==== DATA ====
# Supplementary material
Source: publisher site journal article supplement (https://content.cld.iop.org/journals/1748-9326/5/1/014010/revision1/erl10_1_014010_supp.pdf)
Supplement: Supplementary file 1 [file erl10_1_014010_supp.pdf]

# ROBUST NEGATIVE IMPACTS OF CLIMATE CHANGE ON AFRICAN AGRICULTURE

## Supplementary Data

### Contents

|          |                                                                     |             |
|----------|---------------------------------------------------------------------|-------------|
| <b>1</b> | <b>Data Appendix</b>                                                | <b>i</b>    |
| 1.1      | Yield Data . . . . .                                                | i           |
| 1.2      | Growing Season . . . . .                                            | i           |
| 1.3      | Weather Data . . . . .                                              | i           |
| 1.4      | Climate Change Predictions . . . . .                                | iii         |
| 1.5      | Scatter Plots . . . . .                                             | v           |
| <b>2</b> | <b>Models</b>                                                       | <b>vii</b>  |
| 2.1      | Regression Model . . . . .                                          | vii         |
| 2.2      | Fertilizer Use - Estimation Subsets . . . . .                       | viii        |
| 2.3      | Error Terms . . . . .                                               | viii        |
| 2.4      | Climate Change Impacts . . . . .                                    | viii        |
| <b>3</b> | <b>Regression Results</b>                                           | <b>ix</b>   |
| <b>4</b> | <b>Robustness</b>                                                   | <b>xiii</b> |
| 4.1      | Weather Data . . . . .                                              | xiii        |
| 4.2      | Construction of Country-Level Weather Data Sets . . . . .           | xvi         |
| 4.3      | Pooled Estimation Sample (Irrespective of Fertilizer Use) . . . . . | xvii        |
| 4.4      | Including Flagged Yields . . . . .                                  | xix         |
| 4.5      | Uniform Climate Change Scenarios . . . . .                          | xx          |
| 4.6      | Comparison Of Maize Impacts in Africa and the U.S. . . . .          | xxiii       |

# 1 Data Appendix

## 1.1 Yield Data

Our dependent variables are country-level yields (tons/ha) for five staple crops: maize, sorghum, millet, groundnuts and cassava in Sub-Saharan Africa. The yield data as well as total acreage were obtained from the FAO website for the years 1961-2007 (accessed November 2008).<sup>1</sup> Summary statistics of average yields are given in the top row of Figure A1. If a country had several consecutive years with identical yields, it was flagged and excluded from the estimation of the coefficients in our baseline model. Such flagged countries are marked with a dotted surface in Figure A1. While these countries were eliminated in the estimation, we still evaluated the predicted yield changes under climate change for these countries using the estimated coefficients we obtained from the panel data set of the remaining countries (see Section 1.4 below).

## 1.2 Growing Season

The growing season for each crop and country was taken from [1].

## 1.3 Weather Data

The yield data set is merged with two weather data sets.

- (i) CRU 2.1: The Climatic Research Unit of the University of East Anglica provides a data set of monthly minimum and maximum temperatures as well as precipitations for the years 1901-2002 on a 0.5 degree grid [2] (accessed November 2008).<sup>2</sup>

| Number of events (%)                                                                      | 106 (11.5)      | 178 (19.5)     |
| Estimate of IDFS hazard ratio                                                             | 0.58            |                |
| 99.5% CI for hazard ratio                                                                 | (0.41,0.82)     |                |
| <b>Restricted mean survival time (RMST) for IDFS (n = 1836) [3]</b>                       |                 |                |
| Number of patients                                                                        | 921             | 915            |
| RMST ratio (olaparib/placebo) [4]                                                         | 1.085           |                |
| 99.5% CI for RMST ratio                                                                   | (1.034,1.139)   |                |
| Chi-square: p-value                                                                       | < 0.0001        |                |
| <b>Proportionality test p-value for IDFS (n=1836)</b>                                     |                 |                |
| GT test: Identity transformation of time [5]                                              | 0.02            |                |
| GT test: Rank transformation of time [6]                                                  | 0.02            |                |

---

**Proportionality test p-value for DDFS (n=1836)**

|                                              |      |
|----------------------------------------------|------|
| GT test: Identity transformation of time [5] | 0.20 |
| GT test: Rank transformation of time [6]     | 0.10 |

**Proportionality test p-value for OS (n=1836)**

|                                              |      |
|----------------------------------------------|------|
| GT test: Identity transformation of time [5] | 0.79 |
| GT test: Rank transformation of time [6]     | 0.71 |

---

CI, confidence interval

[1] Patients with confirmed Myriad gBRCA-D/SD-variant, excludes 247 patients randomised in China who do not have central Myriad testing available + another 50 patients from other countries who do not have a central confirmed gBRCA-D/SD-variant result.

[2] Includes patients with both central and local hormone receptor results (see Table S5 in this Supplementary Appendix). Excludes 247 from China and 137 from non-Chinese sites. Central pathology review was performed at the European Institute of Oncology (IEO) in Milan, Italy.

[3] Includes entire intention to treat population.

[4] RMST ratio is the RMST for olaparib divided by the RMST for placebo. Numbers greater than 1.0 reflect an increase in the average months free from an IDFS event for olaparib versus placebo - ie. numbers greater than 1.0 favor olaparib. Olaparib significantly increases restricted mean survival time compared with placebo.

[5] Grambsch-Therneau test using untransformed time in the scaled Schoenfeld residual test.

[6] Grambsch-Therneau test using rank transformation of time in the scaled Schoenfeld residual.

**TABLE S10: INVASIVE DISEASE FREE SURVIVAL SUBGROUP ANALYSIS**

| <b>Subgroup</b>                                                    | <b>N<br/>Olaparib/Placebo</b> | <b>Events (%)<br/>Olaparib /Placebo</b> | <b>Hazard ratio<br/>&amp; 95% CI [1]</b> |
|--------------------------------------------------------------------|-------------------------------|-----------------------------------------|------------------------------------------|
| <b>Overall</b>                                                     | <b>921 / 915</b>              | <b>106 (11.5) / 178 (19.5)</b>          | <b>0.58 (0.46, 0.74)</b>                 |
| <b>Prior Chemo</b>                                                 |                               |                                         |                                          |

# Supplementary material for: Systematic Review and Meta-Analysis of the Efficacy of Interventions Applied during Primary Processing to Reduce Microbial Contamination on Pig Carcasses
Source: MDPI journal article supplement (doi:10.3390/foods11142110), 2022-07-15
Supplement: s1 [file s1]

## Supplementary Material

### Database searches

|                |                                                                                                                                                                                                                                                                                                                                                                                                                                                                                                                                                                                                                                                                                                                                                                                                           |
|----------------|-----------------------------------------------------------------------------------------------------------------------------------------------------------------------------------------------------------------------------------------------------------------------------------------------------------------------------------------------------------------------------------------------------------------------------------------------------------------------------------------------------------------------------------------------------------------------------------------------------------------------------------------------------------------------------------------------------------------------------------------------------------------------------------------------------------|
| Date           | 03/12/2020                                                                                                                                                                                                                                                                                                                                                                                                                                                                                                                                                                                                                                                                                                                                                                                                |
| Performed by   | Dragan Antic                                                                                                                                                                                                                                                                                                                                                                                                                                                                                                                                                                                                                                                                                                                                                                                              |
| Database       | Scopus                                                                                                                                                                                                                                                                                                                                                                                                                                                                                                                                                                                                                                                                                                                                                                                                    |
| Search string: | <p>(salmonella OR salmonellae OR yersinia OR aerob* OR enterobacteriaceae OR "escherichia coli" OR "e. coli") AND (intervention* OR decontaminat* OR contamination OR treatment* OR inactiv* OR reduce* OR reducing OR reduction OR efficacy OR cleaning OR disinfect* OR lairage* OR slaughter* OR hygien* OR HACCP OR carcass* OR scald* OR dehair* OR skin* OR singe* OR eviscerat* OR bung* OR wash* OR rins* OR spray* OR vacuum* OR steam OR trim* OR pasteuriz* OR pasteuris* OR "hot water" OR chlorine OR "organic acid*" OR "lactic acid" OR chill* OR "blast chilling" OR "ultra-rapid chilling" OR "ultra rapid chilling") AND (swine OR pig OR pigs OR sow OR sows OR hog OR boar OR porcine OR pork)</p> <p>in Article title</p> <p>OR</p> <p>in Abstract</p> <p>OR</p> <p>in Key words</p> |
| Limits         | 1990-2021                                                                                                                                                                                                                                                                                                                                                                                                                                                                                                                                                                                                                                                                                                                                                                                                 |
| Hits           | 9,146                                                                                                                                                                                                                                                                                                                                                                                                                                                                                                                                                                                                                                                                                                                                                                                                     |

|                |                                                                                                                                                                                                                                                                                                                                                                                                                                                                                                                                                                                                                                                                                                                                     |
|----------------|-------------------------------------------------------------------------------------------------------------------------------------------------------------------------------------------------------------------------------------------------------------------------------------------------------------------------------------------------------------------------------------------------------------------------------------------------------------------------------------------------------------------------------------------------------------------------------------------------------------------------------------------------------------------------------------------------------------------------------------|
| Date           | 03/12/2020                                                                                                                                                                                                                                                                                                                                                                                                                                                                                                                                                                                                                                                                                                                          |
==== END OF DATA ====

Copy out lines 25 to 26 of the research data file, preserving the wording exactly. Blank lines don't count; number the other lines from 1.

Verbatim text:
| 4.4      | Including Flagged Yields . . . . .                                  | xix         |
| 4.5      | Uniform Climate Change Scenarios . . . . .                          | xx          |